The Overseas Association Decision provides for rather detailed rules specifying the modalities of the association between the eu and Member States’ overseas countries and territories. According to Art. 4 of the Decision, the management of the association shall be conducted by the Commission and the octs’ authorities, and only where necessary by the Member States to which they are linked.61 Thus, in this respect, the relationship between the European Commission and the octs is a direct one and the Members States do not automatically act as intermediaries in the daily management of the association. The relevant actors of co-operation in the octs are listed as the governmental authorities, local authorities, public service providers, civil society organizations and regional and sub-regional organizations.62 While association clearly creates a legal relationship with provisions regulating the modes of co-operation between the octs and the eu, it is also described as a framework for policy dialogue63 and opens up participation for the octs in other eu fora, such as the European Groupings of Territorial Cooperation.64 The Overseas Association Decision establishes what it calls ‘instances’ of association, rather than institutions, − the octs-eu forum for dialogue, trilateral consultations and working parties. The octs-eu forum meets annually and brings together oct authorities, Member State representatives, the Commission and, where appropriate, Members of the European Parliament, representatives of the European Investment Bank and representatives for the Outermost Regions.65 Trilateral consultations are more frequent, take place at least four times a year, and bring together the Commission, the octs and the Members States to which they are linked.66 Finally, working parties are of an ad hoc nature, are to be constituted to lead more technical discussion on issues of special concern, and may be convened upon request of any and by the agreement of all three parties.67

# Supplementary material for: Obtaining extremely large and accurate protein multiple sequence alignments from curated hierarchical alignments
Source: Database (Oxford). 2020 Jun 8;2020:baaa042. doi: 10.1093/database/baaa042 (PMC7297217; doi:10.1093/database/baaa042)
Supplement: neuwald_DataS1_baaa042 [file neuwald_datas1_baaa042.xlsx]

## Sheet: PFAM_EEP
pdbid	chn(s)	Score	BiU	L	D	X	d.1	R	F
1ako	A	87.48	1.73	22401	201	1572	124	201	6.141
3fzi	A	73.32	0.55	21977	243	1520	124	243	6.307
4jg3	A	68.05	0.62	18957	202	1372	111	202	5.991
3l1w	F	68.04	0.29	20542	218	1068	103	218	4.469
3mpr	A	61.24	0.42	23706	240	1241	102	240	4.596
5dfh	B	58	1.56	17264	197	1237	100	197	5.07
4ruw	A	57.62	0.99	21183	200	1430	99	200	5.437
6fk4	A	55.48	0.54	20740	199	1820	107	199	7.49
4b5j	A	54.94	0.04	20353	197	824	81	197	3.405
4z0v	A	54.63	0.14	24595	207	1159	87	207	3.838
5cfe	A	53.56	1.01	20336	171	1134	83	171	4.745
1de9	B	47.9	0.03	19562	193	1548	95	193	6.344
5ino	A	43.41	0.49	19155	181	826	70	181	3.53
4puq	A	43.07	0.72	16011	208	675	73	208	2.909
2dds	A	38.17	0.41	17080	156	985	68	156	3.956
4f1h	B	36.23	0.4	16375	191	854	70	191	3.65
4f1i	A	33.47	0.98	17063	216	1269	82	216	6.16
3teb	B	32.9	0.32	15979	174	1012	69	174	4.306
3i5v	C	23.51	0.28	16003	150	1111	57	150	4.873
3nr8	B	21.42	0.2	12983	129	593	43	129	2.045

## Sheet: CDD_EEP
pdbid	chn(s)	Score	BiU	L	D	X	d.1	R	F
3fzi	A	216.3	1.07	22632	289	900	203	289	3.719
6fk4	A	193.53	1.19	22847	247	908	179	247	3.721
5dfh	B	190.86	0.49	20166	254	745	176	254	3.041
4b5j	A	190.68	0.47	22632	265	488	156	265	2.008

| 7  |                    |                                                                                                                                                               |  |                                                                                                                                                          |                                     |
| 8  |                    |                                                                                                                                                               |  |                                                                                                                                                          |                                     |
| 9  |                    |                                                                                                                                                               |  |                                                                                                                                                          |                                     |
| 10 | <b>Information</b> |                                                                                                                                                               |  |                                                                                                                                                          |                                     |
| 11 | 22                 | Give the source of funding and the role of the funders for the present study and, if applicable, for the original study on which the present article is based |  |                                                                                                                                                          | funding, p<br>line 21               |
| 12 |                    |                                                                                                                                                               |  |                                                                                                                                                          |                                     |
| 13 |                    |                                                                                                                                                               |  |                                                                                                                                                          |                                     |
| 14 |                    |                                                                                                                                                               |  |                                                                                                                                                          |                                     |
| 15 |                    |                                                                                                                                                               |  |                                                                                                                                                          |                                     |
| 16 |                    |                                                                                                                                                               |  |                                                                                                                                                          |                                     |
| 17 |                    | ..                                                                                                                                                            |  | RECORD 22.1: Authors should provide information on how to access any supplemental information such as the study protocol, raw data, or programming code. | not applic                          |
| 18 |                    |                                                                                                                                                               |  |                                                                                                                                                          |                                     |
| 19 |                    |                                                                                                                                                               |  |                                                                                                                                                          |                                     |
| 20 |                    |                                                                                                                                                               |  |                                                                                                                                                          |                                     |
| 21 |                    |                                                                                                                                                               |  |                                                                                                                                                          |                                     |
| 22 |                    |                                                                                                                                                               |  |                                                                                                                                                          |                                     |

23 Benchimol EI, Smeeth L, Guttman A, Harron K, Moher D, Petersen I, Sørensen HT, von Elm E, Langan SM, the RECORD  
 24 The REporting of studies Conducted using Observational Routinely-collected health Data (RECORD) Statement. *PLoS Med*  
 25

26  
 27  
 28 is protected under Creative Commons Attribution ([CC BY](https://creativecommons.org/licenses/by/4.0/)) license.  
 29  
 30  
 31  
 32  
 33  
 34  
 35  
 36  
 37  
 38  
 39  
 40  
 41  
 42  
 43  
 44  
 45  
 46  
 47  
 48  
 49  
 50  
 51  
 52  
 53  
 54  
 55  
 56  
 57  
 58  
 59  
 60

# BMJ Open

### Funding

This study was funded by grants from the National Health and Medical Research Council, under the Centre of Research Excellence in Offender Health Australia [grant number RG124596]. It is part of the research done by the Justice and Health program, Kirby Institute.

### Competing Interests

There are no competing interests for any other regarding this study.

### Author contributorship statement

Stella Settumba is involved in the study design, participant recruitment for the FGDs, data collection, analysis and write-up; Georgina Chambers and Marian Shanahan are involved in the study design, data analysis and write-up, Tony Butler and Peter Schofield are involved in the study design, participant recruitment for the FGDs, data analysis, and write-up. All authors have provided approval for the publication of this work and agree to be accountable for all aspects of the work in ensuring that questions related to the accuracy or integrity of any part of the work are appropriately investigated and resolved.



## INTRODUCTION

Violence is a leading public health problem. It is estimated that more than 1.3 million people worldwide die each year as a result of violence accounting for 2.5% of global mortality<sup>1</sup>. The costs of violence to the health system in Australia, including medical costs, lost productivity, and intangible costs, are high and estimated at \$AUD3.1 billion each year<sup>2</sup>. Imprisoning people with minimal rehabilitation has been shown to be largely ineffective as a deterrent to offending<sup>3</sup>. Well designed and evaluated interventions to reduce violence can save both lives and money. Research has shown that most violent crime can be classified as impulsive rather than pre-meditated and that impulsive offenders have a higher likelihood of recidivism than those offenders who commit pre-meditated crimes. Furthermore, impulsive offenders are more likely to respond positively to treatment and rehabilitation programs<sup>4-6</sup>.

The principle of non-reciprocity may benefit the octs in terms of access to eu markets. However, it is not sufficient in living up to aims of association, which include the economic and social development of the octs. The Overseas Association Decision provides a dense list of areas of co-operation and provides for a number of instruments for sustainable development. These include the allocation of adequate financial resources and appropriate technical assistance aimed at strengthening the octs’ capacities to implement strategic and regulatory frameworks as well as long term financing to promote private sector growth.68 octs are eligible for funding within the framework of the 11th European Development Fund (edf), funding within Union programmes, as well as instruments provided for in the Union’s general budget and funds managed by the European Investment Bank.69 Greenland, however, does not benefit from a large share of the allocation of funds to the octs under the 11th European Development Fund.70 While Greenland may be granted edf funding to support regional integration and co-operation with other partners,71 it is not eligible to receive edf funding for initiatives referred to in its programming document.72 According to Art. 75(1)(b) of the Overseas Association Decision, a programming document is the document which sets out an oct-specific strategy, priorities and arrangements and translates the objectives and targets of the octs for its sustainable development in an effective and efficient way to pursue the objectives of the association. The funding available for Greenland to realize its programming document is instead regulated under Council Decision 2014/137/eu on the relations between the European Union on the one hand, and Greenland and the Kingdom of Denmark on the other (Partnership Decision).73 The Partnership Decision defines the framework for policy dialogue on issues of common interest.74 Art. 3(4) of the Partnership Decision states that co-operation activities shall be decided upon in close consultation between the Government of Greenland, the Government of Denmark and the Commission. It further states that such consultations shall be conducted in full compliance with the respective institutional, legal and financial powers of each of the three parties, thereby acknowledging the specific governance arrangement between Denmark and Greenland. The main areas of co-operation as agreed upon in the Partnership Decision are broad and include education, training, tourism and culture, natural resources, energy, climate, environment and biodiversity, arctic issues, the social sector and research and innovation.75 While it is Greenland’s responsibility to formulate its specific sector policies in the main areas of co-operation in its Programing Document for the Sustainable Development of Greenland (pdsd),76 the document is subject to the exchange of views between all stakeholders77 and the approval of the document is governed by the Examination Procedure following Regulation No. 182/2011 (Comitology Regulation).78 Union financial assistance shall be provided mainly through budget support for reforms and projects in line with Greenland’s pdsd, institutional development, capacity building and the integration of aspects of environmental and climate change and technical co-operation programmes.79 The indicative financial assistance for the implementation of the Partnership Decision for its current timeframe from 2014 to 2020 amounts to 217,800,000 eur.80